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Good followers make great leaders, by Bob Vecchiotti

  • Updated

I’ve written a lot about leadership. It’s a term we are learning more and more about as it evolves from its early focus on male qualities alone.

In the past few decades we’ve learned that leadership is a process that brings leaders and implementers — a more active word for followers — together to meet common objectives. Modern researchers report that this important relationship between leaders and implementers defines effective leadership and success. How much do we really know about this important relationship?

Since the Civil War, leadership has been described by the qualities of male civic, business and military leaders. The list is familiar and includes such traits as decisiveness, curiosity, competitiveness and dominance. Survey after survey added to the list to the point of becoming meaningless in describing leaders.

Then came a surprising finding: Implementers share similar qualities.

So how do you distinguish between the leader and the implementer? There was a need for a new list, and the surveys in 2001 took a different focus, to include being more a visionary and a critical evaluator. With the dawn of the new millenium, more and more women leaders were emerging in the survey data with a different set of skills and further distinguished between leader and implementer.

Women leaders demonstrated more concern for employee development and adaption to change. They displayed a focus on promoting interdependence, collaboration and a focus on both the short term and long term to anticipate change.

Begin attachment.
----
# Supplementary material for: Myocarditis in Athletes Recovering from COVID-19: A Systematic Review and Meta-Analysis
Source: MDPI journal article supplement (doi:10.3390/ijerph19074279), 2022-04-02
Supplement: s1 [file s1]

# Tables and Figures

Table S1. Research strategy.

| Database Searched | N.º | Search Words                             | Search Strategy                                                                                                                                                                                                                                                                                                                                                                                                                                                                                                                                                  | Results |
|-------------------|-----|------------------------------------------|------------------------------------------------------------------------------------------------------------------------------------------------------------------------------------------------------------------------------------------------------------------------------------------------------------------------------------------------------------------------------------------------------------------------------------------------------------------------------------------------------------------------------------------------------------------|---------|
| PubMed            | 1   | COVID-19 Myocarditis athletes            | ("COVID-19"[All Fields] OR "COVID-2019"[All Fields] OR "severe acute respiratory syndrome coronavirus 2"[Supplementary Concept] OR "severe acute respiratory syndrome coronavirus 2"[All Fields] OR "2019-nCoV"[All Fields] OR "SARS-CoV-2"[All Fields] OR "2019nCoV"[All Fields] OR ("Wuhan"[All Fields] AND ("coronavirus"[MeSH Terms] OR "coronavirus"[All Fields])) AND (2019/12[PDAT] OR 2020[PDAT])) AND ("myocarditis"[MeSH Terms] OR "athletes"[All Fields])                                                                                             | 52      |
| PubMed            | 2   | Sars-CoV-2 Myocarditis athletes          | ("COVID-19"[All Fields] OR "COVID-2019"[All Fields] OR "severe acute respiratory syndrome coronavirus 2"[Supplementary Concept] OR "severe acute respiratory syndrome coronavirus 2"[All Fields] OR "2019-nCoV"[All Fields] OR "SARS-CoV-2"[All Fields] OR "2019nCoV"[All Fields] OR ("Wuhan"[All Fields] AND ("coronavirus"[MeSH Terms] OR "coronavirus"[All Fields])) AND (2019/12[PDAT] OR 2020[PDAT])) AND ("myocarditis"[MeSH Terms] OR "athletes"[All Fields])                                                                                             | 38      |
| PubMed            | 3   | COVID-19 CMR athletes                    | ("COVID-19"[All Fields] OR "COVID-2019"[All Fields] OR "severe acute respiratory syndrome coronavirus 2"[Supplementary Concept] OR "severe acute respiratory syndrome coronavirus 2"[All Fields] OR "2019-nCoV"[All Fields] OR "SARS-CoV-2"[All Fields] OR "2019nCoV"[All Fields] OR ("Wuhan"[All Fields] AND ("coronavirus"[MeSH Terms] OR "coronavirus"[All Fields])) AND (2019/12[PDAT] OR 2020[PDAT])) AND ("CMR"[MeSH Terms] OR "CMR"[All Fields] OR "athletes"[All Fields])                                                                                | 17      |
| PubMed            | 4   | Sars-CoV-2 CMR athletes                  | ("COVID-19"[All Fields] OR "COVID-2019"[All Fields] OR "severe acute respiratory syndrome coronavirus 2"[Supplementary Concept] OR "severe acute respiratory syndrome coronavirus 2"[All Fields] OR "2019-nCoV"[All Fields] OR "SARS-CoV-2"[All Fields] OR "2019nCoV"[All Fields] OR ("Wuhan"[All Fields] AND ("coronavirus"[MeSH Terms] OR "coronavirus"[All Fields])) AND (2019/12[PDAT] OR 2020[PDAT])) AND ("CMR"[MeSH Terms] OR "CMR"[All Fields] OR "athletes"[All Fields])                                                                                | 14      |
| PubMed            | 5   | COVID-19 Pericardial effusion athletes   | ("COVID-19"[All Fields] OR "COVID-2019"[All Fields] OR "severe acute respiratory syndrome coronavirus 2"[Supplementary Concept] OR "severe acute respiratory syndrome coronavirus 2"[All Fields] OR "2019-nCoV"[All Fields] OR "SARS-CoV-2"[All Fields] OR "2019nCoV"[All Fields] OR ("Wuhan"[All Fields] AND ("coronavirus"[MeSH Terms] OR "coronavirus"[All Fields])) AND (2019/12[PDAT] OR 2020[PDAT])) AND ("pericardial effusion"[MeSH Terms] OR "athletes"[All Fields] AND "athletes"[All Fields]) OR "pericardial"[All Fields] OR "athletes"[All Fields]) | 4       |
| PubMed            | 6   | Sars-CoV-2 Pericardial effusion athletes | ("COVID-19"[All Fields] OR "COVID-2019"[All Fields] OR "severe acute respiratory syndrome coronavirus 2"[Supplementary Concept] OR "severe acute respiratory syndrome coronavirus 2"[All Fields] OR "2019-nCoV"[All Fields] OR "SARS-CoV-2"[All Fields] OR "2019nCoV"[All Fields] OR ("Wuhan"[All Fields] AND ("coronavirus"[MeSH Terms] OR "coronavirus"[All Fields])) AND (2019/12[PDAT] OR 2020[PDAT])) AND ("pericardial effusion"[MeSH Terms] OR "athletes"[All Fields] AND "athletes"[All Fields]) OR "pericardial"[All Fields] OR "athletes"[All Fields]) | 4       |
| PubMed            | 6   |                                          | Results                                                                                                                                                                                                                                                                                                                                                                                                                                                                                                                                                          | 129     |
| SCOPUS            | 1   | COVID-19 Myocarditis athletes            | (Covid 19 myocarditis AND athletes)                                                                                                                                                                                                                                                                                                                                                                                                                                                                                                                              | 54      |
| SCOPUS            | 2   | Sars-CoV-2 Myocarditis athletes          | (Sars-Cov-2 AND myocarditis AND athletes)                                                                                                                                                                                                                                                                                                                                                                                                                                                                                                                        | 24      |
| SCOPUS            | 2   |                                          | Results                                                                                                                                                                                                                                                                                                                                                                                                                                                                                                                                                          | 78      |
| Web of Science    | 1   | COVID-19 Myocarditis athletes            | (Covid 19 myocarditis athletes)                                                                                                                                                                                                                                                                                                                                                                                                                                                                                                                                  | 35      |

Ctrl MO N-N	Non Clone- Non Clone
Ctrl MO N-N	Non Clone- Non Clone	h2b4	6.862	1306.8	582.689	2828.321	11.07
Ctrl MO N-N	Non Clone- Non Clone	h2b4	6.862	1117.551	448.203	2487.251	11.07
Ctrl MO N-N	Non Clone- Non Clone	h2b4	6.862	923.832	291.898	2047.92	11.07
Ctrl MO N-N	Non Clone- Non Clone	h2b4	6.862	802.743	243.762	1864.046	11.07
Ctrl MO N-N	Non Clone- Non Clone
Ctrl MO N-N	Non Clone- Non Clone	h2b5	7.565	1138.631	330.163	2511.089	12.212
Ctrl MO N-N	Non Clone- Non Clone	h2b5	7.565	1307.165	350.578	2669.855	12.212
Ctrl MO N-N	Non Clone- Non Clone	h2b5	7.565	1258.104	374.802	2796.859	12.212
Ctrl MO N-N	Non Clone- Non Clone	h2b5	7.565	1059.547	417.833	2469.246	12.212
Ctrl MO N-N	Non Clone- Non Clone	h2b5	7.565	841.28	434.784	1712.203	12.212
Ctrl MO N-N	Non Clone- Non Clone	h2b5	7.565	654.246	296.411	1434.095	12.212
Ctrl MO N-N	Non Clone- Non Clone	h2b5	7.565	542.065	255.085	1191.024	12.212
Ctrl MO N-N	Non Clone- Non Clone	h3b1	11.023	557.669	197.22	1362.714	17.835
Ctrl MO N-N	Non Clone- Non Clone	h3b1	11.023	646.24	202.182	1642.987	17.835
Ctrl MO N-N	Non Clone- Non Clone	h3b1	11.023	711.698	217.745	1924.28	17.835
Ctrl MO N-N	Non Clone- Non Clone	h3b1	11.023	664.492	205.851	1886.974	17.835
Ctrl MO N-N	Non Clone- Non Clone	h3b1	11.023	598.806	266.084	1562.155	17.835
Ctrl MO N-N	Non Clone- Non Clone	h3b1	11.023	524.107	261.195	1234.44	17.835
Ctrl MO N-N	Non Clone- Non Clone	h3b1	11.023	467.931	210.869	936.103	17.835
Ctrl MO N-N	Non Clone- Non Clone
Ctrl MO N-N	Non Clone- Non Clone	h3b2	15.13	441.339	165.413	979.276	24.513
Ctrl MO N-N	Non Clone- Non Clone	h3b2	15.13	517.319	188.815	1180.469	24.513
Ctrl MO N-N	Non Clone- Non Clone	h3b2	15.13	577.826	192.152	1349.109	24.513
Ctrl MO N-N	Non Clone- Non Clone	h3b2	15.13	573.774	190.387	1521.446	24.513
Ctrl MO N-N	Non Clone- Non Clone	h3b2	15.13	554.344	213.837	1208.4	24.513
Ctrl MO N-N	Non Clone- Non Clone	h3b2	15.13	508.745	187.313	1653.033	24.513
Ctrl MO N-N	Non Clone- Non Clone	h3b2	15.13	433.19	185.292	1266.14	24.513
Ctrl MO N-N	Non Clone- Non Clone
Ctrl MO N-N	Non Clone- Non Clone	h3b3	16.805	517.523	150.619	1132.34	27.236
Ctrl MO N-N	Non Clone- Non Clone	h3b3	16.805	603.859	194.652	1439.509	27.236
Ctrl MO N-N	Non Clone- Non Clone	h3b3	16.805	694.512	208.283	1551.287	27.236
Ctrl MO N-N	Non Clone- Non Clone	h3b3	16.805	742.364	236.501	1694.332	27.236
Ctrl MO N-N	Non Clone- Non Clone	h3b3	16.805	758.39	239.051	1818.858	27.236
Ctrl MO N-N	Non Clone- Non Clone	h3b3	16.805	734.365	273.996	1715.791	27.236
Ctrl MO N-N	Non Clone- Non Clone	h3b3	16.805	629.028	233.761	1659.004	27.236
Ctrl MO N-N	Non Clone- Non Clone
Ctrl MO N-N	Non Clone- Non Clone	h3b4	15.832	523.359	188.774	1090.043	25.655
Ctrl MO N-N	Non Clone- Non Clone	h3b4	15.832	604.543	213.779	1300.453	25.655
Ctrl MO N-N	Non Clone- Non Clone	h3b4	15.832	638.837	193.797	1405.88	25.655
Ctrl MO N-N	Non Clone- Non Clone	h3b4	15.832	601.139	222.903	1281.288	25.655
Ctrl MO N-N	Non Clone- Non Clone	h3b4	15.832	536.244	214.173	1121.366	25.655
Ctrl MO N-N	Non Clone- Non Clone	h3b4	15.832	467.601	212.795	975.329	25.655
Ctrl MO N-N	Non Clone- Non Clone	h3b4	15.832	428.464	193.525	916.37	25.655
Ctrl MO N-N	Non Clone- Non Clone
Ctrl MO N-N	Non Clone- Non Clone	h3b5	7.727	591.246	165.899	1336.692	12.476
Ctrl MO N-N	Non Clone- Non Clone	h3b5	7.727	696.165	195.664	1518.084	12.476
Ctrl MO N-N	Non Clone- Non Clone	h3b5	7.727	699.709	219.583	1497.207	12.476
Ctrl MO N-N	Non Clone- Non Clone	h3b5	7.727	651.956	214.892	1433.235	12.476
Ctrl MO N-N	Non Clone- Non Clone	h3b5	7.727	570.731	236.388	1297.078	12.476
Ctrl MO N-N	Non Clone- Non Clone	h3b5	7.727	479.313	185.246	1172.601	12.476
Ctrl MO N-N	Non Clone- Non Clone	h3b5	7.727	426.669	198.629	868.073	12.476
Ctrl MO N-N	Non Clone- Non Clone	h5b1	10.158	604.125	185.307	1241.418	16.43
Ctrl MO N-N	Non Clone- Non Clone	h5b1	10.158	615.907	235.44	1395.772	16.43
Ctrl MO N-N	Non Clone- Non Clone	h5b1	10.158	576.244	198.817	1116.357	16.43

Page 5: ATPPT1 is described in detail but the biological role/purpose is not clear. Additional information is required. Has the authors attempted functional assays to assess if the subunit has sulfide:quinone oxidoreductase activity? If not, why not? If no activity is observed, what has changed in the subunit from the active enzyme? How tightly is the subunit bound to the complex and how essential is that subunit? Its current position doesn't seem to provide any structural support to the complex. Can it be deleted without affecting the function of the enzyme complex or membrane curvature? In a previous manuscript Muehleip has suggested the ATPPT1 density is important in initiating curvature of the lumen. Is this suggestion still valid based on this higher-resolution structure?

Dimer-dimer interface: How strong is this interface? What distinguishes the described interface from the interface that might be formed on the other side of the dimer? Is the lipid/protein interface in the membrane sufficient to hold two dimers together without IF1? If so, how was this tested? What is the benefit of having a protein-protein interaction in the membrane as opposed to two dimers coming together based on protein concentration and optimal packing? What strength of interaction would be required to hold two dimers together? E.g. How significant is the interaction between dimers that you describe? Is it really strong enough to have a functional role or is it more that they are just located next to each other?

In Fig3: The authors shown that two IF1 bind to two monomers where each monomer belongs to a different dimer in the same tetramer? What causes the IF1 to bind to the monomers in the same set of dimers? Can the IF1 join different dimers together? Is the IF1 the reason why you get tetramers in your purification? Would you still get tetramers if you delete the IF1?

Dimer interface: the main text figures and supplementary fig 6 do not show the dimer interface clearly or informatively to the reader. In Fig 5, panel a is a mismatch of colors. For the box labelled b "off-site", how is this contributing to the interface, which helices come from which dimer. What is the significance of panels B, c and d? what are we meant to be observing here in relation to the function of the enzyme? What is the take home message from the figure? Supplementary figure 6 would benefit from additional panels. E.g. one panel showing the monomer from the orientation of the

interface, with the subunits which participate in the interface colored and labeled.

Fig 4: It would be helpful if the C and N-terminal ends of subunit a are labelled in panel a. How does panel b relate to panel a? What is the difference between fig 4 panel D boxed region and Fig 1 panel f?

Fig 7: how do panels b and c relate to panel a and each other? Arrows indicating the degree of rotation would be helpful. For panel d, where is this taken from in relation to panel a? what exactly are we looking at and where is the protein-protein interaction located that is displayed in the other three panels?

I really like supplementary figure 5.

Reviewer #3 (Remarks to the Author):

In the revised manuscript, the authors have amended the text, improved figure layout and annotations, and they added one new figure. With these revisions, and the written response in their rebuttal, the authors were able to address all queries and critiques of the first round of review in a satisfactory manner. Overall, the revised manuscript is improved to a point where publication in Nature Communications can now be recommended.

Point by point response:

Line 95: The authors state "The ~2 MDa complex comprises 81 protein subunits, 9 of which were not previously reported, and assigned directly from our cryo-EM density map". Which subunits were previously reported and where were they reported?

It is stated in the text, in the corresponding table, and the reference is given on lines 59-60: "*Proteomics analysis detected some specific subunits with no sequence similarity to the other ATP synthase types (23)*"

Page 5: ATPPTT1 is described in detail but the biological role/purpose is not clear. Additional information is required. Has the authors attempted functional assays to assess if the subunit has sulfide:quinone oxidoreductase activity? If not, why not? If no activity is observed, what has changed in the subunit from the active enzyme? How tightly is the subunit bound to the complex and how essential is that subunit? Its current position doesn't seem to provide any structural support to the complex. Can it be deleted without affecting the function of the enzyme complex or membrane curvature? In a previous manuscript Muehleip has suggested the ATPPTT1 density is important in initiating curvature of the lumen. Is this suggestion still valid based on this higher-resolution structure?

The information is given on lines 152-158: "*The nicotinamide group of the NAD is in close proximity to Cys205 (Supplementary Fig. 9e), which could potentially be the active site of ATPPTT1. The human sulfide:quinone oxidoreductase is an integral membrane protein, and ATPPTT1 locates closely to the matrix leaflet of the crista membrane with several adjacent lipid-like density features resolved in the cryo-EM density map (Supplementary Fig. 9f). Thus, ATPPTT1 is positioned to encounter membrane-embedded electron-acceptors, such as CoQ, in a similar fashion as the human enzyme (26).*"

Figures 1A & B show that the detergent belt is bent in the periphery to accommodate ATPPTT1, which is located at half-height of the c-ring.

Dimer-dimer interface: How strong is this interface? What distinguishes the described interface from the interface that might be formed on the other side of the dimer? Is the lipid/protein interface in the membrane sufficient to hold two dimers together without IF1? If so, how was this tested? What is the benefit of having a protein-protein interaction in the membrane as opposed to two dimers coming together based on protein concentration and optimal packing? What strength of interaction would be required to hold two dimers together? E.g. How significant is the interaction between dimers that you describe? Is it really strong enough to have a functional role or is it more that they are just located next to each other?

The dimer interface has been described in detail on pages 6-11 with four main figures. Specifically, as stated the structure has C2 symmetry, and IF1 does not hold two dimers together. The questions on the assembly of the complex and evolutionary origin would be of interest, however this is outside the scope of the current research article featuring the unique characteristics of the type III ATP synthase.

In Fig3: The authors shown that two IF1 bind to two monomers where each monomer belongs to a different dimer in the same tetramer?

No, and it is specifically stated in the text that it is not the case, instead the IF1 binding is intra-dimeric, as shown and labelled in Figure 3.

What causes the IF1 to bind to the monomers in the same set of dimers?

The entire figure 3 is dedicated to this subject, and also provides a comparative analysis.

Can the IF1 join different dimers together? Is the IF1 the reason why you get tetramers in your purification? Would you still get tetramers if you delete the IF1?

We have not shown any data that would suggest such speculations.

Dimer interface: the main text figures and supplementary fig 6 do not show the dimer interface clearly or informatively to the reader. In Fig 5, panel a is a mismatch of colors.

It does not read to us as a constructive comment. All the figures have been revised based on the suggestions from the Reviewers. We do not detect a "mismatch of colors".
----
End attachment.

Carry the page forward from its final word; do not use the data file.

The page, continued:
These findings marked is a significant shift away from the earlier understanding of leadership that focused on direction and command. The studies show female leaders are more willing than men to admit when and where they need assistance. They, in effect, ask their implementers to offer their services.

The research has added the importance of trust in the leader/implementer relationship. Each party must cede to the other a significant degree of influence, when appropriate. Such circumstances can include a mutual vulnerability when dealing with the unknown, emergencies or unexpected results. This trust strengthens the relationship going forward.

Today, millennial leaders are augmenting our understanding of leadership with their own traits and abilities. Leaders and implementers are closer than ever in meeting mutually-agreed-upon goals. They are more likely to see each other as a resource. But make no mistake, millennial leaders can take charge when necessary and induce willing cooperation. Typically, it is for a short period of time, and the implementers know it. This builds mutual and dynamic confidence to meet rapidly changing circumstances.

Adding to our more complex picture of leadership is the growth in importance of teams.

The leader/implementer dynamic is expanded in a team setting. For success, a team relies on people with different sets of knowledge, capabilities and ideas, and responsibility for managing those falls to the team leader.

The team leader must build cohesion and trust. He or she works hard to motivate and provide feedback on team performance. That last point is important; feedback is something millennials tend to crave more than earlier generations.

Research on the relationship between leader and team implementers is rapidly moving forward. One day, we will learn the best team composition and leader/implementer characteristics. Teamwork depends on the leader’s ability to motivate, suggest changes, increase collaboration and constantly look for the conscientious team member. It’s what stimulates the development of successful teams.

Bob Vecchiotti is a business psychologist, adviser, and executive coach to businesses in the Monadnock Region. He can be reached at or 924-2012.

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